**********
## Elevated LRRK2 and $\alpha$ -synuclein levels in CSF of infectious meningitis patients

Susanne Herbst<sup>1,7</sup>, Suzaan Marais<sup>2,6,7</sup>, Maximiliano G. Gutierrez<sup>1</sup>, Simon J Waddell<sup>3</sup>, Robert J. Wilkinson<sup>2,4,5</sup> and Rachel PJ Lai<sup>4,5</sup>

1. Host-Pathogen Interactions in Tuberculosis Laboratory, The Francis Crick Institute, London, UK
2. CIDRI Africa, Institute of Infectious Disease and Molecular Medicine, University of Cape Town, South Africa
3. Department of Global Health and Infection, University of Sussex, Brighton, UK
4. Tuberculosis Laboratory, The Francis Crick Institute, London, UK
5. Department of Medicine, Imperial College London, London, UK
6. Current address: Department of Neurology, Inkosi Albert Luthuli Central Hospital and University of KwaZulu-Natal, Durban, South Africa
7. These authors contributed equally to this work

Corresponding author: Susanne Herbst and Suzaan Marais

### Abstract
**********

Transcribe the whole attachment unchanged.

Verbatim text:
## Elevated LRRK2 and $\alpha$ -synuclein levels in CSF of infectious meningitis patients

Susanne Herbst<sup>1,7</sup>, Suzaan Marais<sup>2,6,7</sup>, Maximiliano G. Gutierrez<sup>1</sup>, Simon J Waddell<sup>3</sup>, Robert J. Wilkinson<sup>2,4,5</sup> and Rachel PJ Lai<sup>4,5</sup>

1. Host-Pathogen Interactions in Tuberculosis Laboratory, The Francis Crick Institute, London, UK
2. CIDRI Africa, Institute of Infectious Disease and Molecular Medicine, University of Cape Town, South Africa
3. Department of Global Health and Infection, University of Sussex, Brighton, UK
4. Tuberculosis Laboratory, The Francis Crick Institute, London, UK
5. Department of Medicine, Imperial College London, London, UK
6. Current address: Department of Neurology, Inkosi Albert Luthuli Central Hospital and University of KwaZulu-Natal, Durban, South Africa
7. These authors contributed equally to this work

Corresponding author: Susanne Herbst and Suzaan Marais

### Abstract